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Government urged to come up with sexuality guidelines for youth who are not in school

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Government urged to come up with sexuality guidelines for youth who are not in school

Human Rights activists want the government to fix a guideline on sexuality for young people who are out of school. The development comes at a time when the government is moving to introduce sexuality education in schools.

However, rights activists believe this will leave behind young people who are not currently in school.

According to Allan Nsubuga, an official from Civil Society Organization Sexual Minorities Uganda (SMUG), while young people in school may get hints on sexuality through their science subjects or senior women teachers, there’s no guide whatsoever for their age mates that don’t go to school.

He noted that the bigger danger in this is that while the government cannot answer the question of who is currently providing sexuality education to these groups, individuals and groups in communities including some NGOs are providing information that hasn’t been necessarily sieved for suitability.

“No one knows if they are doing the right thing, coming out clear on what proper sexuality education would save the country from the crisis of teenage pregnancies that effects of the COVID-19 pandemic just made worse and the high prevalence of HIV among adolescent girls and young women,” said Nsubuga.

He further argues that if they are to reach many and achieve their target, the government has to carefully select how the information will be delivered considering the dynamics of access including challenges of internet connectivity and reading abilities.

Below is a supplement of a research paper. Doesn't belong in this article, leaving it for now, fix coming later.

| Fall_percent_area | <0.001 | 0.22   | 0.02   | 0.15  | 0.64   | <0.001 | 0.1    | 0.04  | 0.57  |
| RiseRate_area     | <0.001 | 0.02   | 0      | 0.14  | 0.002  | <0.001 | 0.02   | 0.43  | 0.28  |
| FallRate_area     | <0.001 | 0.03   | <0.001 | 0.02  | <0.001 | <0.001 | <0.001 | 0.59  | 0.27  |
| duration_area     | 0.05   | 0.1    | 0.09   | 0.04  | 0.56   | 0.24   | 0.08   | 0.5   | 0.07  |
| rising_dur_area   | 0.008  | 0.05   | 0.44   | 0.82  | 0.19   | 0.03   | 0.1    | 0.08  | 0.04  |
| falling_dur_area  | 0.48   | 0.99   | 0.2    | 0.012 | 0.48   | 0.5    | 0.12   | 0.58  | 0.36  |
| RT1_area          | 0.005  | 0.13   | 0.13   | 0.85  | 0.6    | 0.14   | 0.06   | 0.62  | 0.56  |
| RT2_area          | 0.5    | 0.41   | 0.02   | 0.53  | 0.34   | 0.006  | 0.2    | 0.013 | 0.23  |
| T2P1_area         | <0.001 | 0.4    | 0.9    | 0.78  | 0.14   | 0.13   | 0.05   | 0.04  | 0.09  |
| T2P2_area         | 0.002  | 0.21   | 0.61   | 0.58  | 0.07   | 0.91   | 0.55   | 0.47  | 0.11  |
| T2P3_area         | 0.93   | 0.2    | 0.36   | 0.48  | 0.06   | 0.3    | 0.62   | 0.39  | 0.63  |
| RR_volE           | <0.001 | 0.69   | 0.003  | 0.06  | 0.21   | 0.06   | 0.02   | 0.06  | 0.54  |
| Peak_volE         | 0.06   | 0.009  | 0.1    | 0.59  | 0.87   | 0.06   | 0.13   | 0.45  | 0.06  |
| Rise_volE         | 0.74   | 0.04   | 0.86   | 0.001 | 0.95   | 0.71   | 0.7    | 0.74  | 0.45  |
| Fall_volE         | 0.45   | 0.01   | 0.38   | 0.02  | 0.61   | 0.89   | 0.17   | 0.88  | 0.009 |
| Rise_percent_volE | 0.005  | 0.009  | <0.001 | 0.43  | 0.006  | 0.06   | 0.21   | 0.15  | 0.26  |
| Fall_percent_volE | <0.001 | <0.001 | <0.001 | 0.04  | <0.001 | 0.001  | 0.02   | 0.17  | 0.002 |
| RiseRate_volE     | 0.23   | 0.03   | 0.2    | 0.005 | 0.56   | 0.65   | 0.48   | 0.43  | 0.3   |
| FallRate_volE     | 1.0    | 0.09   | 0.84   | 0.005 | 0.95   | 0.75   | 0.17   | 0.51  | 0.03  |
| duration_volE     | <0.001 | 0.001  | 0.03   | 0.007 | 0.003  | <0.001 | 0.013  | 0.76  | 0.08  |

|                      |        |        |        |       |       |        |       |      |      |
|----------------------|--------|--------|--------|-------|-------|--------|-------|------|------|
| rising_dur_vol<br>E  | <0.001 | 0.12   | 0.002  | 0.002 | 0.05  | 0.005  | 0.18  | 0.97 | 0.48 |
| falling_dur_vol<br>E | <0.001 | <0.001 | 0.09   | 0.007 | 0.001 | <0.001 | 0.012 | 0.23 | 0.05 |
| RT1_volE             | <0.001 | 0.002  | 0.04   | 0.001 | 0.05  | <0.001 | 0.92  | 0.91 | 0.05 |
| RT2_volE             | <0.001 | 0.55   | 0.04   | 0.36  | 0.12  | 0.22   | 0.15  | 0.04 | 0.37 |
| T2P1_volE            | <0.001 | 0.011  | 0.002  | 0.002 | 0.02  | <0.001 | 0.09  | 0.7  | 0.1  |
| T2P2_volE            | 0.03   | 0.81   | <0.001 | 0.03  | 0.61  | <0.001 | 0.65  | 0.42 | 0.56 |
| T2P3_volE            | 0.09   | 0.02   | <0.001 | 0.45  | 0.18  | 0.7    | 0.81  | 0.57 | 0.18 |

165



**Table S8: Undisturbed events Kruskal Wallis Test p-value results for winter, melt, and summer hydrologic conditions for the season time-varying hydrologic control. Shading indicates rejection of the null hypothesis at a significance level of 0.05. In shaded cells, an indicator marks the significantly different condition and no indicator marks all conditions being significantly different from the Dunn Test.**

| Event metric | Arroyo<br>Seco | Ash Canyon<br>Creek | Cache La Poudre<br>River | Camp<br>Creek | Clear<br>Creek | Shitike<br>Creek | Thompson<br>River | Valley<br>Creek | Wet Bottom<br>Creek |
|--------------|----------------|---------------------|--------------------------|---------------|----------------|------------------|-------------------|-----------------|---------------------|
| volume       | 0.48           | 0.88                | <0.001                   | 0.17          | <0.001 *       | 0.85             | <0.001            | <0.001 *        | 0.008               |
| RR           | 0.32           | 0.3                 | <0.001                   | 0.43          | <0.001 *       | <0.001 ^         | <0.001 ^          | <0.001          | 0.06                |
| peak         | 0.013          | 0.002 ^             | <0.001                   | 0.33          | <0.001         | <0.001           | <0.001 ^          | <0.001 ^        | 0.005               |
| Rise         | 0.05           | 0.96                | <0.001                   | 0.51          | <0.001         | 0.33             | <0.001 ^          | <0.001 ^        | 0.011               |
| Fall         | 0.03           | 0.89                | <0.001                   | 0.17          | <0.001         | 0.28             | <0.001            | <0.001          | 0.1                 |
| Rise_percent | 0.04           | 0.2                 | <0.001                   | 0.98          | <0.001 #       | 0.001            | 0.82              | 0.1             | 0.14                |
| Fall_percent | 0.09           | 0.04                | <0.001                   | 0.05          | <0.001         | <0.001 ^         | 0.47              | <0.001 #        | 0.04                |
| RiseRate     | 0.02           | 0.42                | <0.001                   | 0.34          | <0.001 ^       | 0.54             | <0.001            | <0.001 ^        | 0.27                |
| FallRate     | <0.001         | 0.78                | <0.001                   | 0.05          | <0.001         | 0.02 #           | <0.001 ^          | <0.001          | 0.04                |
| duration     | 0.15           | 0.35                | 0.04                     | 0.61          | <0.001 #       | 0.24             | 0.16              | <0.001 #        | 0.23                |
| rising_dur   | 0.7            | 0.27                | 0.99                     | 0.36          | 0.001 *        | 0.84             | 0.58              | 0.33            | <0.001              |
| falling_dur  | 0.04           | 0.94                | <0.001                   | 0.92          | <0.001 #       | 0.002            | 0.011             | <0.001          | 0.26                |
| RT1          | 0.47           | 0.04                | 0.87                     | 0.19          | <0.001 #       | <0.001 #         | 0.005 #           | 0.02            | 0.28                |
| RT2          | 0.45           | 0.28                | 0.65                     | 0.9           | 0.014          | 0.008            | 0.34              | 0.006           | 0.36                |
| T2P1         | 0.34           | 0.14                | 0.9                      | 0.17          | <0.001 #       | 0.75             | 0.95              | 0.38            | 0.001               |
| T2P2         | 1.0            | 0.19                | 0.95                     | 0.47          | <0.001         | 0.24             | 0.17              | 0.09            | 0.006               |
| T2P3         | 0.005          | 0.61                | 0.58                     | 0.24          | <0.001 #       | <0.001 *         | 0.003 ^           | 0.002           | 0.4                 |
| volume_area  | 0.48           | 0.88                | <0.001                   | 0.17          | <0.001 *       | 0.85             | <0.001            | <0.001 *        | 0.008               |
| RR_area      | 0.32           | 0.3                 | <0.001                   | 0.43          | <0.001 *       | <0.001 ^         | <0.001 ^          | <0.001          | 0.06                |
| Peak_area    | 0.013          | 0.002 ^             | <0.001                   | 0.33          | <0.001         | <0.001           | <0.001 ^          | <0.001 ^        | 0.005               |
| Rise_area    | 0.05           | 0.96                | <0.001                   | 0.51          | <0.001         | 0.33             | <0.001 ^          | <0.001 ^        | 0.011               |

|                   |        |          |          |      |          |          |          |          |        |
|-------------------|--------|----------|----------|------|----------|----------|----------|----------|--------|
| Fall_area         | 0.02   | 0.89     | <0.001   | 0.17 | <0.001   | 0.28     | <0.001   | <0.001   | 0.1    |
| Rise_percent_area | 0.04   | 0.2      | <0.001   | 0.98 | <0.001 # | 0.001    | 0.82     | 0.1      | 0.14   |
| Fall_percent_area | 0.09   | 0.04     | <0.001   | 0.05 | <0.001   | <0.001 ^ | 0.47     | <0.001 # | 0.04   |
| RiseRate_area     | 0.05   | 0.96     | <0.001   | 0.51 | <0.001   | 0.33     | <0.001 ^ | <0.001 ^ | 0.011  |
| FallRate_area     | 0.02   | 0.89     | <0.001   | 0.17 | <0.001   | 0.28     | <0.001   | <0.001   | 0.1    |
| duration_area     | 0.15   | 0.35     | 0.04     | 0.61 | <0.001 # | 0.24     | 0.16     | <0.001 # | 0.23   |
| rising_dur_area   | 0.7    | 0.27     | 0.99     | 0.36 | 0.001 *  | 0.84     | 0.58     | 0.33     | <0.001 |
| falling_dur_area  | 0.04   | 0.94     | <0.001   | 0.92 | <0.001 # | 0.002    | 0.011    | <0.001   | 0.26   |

Ministry of Gender, Labor and Social Development which is spearheading this initiative says they are already in plans to train key community leaders including Local Council leaders who will, in turn, be in charge of delivering sexuality education.

According to Patience Namanya the Sexual Reproductive Health and Rights Coordinator at the Ministry of Gender, to guarantee that they will deliver an inclusive guiding framework, they have since 2018 been engaging different groups including cultural leaders, religious leaders, and health workers among others to brainstorm on what will most address the needs of young people.

She adds that they are planning to cater to young people aged 10 to 24 years and that in addition to involving community leaders, they want to integrate sexuality education in already existing programmes such as the youth livelihood programme that is currently attracting numbers of rural youth.  Among the key areas of study for older children is equipping them with parenting skills. 

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